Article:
While the washing is performed, the temperature of the room should be but a few degrees lower than that of the water; and the child should not be exposed to currents of cold air. If the weather is severe, or if currents of air in the room cannot otherwise be avoided, the dressing, undressing, washing, &c., may be done near the fire. And I repeat the rule, it should always be done with as much rapidity as is compatible with safety.

Here will be seen one great advantage of simplicity in the form of dress. If the more rational suggestions of our chapter on that subject are attended to, it will greatly facilitate the process of washing, and the subsequent daily process of bathing, which I am about to recommend to my readers.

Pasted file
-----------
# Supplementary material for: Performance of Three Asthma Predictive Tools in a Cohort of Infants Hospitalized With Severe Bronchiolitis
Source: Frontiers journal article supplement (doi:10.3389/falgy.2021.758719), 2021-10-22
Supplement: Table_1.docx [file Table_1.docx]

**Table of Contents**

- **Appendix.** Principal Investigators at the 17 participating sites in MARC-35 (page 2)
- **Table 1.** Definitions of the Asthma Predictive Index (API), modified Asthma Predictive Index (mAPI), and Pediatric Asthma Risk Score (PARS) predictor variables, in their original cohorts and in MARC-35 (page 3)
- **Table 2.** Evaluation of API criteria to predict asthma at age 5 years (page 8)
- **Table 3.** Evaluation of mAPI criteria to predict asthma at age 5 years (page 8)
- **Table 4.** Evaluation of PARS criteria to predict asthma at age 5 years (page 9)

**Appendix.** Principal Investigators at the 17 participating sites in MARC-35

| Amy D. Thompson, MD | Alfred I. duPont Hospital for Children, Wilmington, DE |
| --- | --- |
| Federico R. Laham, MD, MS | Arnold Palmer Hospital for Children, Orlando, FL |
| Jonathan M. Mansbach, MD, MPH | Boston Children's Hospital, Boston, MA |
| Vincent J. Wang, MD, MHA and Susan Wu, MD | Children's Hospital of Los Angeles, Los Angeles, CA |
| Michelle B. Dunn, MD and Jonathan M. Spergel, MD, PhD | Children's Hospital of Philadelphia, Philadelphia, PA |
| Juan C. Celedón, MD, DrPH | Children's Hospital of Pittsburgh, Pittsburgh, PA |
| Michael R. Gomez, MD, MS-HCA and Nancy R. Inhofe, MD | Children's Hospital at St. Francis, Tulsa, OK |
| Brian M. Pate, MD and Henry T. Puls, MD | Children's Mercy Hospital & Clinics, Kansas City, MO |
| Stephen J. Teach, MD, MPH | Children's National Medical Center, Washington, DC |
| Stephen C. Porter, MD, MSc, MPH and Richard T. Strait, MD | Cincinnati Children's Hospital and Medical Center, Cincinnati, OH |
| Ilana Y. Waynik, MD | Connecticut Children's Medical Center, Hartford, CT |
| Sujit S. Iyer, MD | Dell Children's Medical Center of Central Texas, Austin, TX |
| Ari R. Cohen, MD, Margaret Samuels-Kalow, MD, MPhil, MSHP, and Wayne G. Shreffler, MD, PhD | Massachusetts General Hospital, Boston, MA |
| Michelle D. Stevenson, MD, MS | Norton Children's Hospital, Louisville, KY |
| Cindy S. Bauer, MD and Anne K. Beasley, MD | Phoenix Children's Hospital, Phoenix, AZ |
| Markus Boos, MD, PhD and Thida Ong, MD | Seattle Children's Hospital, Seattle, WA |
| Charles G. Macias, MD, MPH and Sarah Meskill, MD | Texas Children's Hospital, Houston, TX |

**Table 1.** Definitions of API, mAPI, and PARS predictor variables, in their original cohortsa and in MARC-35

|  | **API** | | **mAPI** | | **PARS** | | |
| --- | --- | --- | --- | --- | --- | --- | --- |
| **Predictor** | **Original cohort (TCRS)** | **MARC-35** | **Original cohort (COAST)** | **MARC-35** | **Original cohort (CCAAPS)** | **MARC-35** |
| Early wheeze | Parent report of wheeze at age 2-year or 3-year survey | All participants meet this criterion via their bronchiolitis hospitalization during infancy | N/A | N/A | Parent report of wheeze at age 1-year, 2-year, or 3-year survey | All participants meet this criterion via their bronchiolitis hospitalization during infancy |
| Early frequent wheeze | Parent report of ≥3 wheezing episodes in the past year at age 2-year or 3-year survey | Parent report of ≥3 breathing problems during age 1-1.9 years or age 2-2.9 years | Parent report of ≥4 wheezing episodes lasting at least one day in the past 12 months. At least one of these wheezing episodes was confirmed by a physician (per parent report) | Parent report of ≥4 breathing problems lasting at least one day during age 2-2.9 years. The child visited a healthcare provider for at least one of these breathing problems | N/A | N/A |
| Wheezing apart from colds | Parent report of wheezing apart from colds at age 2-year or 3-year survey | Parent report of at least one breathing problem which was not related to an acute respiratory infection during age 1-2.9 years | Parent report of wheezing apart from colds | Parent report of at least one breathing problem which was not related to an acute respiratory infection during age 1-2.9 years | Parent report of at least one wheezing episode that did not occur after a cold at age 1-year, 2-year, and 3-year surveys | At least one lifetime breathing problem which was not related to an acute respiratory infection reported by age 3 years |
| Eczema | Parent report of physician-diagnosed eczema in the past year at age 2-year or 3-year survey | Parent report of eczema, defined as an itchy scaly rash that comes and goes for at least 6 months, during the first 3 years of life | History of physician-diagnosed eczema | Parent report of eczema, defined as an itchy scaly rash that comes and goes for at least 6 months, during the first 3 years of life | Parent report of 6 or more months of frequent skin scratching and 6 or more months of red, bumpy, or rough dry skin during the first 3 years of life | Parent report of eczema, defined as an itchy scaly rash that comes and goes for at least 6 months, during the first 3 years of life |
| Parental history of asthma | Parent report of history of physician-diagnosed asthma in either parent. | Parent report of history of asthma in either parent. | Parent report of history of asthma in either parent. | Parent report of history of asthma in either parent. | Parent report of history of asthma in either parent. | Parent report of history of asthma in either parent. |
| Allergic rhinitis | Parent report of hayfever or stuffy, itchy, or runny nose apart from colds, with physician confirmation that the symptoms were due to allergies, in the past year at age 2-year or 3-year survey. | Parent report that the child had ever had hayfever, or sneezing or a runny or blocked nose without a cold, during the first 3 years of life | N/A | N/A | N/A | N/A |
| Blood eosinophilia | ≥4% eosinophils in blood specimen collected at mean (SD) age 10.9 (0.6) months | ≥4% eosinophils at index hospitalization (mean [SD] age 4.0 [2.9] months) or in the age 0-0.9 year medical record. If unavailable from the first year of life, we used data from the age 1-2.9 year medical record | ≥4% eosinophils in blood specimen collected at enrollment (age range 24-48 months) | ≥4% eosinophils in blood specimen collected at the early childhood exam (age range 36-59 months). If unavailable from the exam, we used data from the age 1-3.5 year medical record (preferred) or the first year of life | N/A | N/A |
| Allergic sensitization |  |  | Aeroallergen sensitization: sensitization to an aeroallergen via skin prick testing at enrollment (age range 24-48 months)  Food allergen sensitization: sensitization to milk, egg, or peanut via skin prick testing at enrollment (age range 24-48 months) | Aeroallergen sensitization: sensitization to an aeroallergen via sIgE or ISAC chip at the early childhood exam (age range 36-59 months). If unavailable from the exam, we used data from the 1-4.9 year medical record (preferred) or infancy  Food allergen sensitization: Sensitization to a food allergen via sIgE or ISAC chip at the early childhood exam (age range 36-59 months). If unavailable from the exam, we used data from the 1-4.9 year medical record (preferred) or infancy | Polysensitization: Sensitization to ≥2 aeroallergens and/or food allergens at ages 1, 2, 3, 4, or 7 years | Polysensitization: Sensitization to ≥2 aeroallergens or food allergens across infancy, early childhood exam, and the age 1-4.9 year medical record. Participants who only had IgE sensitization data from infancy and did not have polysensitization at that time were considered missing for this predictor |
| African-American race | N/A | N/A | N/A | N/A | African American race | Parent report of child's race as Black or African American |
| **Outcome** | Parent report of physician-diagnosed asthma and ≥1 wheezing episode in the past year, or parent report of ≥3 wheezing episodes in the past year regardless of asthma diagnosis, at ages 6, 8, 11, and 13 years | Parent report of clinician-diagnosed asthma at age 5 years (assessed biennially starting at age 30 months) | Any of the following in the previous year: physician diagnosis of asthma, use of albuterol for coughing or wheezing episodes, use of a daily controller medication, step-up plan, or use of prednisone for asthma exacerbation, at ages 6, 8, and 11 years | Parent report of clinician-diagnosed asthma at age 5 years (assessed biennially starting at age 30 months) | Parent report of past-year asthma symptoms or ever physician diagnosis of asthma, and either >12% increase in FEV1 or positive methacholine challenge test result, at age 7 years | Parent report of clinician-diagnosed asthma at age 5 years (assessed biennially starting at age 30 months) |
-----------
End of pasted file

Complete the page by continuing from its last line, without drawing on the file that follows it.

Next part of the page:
This washing process is also an introduction to bathing. For it should be repeated every day; but with less and less attention to the washing, and more and more reference to the bathing. How long the child should stay in the bath, must be left to experience. If he is quiet, fifteen minutes can never be too long; and I should not object to twenty. If otherwise, and you are obliged to remove him in five minutes, or even in three, still the bathing will be of too much service to be dispensed with.

Nothing should be mixed with the water, if the infant is healthy, except a little soap, as already mentioned. Some are fond of using salt; but it is by no means necessary, and may do harm.

The proper hour for bathing is the early part of the day, or about the middle of the forenoon. This season is selected, because the process, manage it as carefully as we may, is at first a little exhausting. As the child grows older, however, and not only becomes stronger, but appears to be actually refreshed and invigorated by the bath, it will be advisable to defer it to a later and later hour. By the time the babe is three months old, particularly in the warm season, the hour of bathing may be at sunset.